Metropolis' tuneful 'Beehive' sweet as cotton candy and just as filling

 
 
Updated 7/25/2018 8:11 AM
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  • Jayla Williams-Craig, left, Caitlin Dobbins, Halle Bins, Christie Burgess, Bre Jacobs and Anastasia Arnold star in "Beehive: The 60's Musical" at the Metropolis Performing Arts Centre.

    Jayla Williams-Craig, left, Caitlin Dobbins, Halle Bins, Christie Burgess, Bre Jacobs and Anastasia Arnold star in "Beehive: The 60's Musical" at the Metropolis Performing Arts Centre. Courtesy of Ellen Prather

  • The Metropolis Performing Arts Centre concludes its season with "Beehive: The 60's Musical."

    The Metropolis Performing Arts Centre concludes its season with "Beehive: The 60's Musical." Courtesy of Ellen Prather

"Beehive" -- ★ ★

If there is an ideal time for a revival of "Beehive: The 60's Musical," that time is summer.

A frothy homage to 1960s girl groups and female solo artists, the tuneful, undemanding "Beehive" features pop and R&B tunes made famous by the likes of The Ronettes, Lesley Gore, The Chiffons and The Supremes. Created in 1985 by the late New York City booking agent Larry Gallagher, "Beehive" is as sweet as cotton candy and about as filling.

But while this jukebox tuner suits the season, it doesn't fit the current sociopolitical zeitgeist. And that's something not even Metropolis Performing Arts Centre's high-gloss revival can reconcile.

Bre Jacobs, right, takes the lead vocals during a number from Metropolis Performing Arts Centre's "Beehive: The 60's Musical" co-starring Caitlin Dobbins, left, Halle Bins, Jayla Williams-Craig, Christie Burgess and Anastasia Arnold.
Bre Jacobs, right, takes the lead vocals during a number from Metropolis Performing Arts Centre's "Beehive: The 60's Musical" co-starring Caitlin Dobbins, left, Halle Bins, Jayla Williams-Craig, Christie Burgess and Anastasia Arnold. - Courtesy of Ellen Prather

Songs about love -- finding it, losing it and recovering it once again -- dominate the revue featuring Anastasia Arnold, Halle Bins, Christie Burgess, Caitlin Dobbins, Bre Jacobs and Jayla Williams-Craig. Director/choreographer Dina DiCostanzo's dynamic, well-rehearsed cast is accompanied by a tight, onstage septet led by music director/conductor Kenneth McMullen (keyboards) with Nick Anderson (drums), Mark Berls (bass), Paul Compton (guitar), Derek Fitting (trumpet), and David Orlicz and Miles Tesar (tenor saxophone).

There is no plot to "Beehive," which unfolds like a TV special on designer Katie Alvord-Wendling's multilevel, honeycomb-inspired set. Its fluorescent palette is reflected in Rachel S. Parent's groovy costumes, which range from thigh-high shifts to chiffon dresses to yellow, black and white honeycomb patterned outfits that complement the queens of the hive. Wig designer Dianne Sizemore also deserves mention for her sky-high bouffant hairdos.

Halle Bins channels Janis Joplin in "Beehive: The 60's Musical," running through Aug. 25 at the Metropolis Performing Arts Centre in Arlington Heights.
Halle Bins channels Janis Joplin in "Beehive: The 60's Musical," running through Aug. 25 at the Metropolis Performing Arts Centre in Arlington Heights. - Courtesy of Ellen Prather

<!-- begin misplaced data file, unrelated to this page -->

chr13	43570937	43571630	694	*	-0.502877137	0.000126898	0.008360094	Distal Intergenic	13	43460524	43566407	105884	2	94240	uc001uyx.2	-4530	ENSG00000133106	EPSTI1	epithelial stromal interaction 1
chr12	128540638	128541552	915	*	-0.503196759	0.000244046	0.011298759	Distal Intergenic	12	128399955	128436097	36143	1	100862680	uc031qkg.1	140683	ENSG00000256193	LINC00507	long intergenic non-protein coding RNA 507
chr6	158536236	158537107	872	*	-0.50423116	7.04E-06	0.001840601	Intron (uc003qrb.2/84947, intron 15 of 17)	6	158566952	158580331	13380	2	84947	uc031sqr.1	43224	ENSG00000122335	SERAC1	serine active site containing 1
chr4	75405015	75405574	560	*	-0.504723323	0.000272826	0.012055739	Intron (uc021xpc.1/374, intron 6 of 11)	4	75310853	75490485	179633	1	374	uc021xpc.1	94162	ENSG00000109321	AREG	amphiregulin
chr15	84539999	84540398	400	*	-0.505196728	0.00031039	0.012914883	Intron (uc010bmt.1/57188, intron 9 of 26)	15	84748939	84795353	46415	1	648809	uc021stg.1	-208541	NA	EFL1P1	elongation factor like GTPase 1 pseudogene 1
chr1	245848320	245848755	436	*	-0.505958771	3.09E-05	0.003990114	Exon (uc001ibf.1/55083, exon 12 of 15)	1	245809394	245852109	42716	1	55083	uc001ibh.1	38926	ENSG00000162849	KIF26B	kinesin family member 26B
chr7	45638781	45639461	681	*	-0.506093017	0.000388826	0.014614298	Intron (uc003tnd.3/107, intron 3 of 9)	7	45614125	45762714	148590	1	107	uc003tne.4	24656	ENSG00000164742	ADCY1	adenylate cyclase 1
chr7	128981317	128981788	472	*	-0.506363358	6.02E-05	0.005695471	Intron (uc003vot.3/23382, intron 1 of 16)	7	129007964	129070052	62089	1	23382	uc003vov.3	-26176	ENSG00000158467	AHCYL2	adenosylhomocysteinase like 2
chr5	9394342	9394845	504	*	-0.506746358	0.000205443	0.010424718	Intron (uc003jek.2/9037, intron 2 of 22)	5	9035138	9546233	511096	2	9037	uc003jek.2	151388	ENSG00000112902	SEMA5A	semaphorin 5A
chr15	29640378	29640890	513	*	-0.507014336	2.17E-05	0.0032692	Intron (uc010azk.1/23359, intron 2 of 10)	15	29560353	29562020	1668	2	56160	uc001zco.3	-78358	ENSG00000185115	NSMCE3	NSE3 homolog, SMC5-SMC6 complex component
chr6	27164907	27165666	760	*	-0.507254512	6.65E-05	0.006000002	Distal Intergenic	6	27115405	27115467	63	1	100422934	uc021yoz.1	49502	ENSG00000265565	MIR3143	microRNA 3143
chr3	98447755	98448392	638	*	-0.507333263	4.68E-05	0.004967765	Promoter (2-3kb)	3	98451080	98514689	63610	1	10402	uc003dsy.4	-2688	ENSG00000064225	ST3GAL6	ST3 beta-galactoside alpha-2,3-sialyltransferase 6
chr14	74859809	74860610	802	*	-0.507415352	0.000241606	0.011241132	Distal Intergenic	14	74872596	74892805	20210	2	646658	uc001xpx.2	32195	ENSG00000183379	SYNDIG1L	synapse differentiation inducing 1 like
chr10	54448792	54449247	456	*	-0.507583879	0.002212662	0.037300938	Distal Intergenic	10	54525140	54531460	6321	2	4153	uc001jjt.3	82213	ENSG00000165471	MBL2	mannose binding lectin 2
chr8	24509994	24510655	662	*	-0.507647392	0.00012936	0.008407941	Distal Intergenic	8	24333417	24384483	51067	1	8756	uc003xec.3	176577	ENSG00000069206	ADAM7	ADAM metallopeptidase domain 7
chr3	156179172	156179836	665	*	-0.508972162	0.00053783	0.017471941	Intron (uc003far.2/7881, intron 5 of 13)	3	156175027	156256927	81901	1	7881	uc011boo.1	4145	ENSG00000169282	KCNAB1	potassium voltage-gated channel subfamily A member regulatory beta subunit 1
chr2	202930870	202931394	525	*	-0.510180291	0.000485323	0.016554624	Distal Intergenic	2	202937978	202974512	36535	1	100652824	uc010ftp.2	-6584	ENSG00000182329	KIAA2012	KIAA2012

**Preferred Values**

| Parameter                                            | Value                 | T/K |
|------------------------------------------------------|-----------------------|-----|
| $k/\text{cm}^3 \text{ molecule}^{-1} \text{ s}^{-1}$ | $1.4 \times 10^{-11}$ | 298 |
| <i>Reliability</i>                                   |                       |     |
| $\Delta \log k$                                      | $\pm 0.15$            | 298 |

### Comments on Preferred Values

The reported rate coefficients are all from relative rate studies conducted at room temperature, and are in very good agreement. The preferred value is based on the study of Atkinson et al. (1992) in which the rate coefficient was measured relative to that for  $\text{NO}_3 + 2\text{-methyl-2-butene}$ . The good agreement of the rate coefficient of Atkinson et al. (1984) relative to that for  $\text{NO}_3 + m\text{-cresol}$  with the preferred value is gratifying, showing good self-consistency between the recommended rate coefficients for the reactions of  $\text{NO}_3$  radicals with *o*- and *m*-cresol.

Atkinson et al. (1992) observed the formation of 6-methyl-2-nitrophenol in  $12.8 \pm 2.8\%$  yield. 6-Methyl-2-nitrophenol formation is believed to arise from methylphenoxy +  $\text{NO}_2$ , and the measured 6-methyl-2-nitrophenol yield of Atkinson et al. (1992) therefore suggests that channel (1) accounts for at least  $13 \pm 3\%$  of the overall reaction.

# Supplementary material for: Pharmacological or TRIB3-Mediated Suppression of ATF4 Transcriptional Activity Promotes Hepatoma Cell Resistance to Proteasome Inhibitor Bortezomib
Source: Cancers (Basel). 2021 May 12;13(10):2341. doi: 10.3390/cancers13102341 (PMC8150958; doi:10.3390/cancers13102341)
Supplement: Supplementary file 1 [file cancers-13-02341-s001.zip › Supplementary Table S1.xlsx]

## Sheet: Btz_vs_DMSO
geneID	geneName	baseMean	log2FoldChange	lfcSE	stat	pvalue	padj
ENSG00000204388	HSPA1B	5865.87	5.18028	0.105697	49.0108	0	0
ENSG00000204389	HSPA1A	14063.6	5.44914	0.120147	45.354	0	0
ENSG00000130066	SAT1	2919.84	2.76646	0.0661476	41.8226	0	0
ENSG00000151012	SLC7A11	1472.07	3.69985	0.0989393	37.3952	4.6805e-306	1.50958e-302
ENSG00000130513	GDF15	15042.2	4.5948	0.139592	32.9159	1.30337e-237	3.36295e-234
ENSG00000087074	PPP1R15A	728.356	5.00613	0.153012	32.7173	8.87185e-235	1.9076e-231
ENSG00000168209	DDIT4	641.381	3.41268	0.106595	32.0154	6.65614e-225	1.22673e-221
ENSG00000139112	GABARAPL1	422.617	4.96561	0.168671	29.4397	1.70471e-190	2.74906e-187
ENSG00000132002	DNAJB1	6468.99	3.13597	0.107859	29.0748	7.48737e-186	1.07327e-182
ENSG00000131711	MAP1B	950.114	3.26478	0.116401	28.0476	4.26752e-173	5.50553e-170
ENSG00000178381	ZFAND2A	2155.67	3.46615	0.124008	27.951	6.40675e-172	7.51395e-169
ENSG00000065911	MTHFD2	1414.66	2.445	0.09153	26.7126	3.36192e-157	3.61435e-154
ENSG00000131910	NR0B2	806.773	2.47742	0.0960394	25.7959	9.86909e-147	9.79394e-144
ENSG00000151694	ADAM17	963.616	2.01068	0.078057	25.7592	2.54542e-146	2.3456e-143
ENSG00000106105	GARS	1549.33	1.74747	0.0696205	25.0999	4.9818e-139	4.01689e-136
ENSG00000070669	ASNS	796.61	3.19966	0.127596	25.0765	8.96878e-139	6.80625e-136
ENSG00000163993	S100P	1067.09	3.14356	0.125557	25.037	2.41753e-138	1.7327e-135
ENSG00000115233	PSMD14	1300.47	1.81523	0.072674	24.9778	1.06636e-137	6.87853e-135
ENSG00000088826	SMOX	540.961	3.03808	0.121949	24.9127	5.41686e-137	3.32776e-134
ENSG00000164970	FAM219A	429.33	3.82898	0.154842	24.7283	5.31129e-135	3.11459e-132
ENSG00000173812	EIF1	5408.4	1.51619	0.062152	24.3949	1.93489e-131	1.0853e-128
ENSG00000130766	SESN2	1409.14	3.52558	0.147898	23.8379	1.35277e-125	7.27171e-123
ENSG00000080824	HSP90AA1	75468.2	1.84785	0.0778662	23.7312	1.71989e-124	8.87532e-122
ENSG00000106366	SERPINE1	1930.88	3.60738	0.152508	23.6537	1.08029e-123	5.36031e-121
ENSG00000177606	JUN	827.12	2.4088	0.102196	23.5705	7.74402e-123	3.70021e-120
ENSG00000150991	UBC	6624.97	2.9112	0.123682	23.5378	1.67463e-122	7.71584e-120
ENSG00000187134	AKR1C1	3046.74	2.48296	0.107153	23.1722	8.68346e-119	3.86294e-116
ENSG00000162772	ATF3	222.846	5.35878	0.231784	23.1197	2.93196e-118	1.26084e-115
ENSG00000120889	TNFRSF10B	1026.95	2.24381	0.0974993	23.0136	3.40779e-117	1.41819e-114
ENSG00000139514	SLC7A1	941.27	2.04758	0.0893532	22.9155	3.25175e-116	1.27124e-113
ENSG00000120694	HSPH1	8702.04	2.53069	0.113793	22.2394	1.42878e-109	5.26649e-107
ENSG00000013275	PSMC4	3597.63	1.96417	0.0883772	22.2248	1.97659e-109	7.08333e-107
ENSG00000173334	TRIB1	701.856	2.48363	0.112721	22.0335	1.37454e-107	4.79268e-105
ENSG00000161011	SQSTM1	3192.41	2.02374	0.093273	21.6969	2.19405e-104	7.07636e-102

The fresh-faced cast harmonizes beautifully and handily performs DiCostanzo's period choreography. But wavering pitches marred some solos and the instrumentalists occasionally overwhelmed the singers. The pacing is brisk right up until late in the second act, when an extended instrumental (necessary to cover a costume change) slowed the production to a crawl.

But Metropolis' production has its merits. Among them is Bins' nicely subdued "Will You Still Love Me Tomorrow" and her grand performance as Janis Joplin (she makes "Cry Baby's" anguished wails beautiful). Jacobs, Williams-Craig and Bins team up for the affecting "Abraham, Martin and John." Arnold eschews schmaltz to reveal the sentiment behind "Where the Boys Are," and Dobbins captures Tina Turner's vitality in "Proud Mary." Burgess, a strong singer, deserves mention for her sultry "Son of a Preacher Man" and impassioned "You Don't Own Me," and not just for the quality of her voice.

Christie Burgess sings lead during a number from "Beehive: The 60's Musical," a salute to girl groups running through Aug. 25 at the Metropolis Performing Arts Centre.
Christie Burgess sings lead during a number from "Beehive: The 60's Musical," a salute to girl groups running through Aug. 25 at the Metropolis Performing Arts Centre. - Courtesy of Ellen Prather

The reference to sexuality in the former and independence in the latter are about as female empowered as it gets in "Beehive," which addresses only superficially such consequential 1960s events as the struggle for civil rights, the Vietnam War and the women's movement.

That was not lost on the opening night audience whose members harrumphed in response to the decidedly unironic suggestion late in the show -- as the 1960s conclude -- that "equal rights and equal pay were on the horizon."

It's a shockingly tone-deaf statement even for 1985. Yet DiCostanzo and Metropolis mitigate it in the exuberant finale set to "Make Your Own Kind of Music," featuring the visibly pregnant Burges, her belly bared.

During an era when pregnant female singers were neither seen nor heard, that may be the most empowering statement of all.

• • •

Location: Metropolis Performing Arts Centre, 111 W. Campbell St., Arlington Heights, (847) 577-2121 or metropolisarts.com

Showtimes: 7:30 p.m. Thursday and Friday; 3 and 7:30 p.m. Saturday; 3 p.m. Sunday through Aug. 25

Running time: 1 hour, 40 minutes including intermission

Tickets: $40

Parking: Street parking, nearby garage

Rating: For teens and older, some minor drug references

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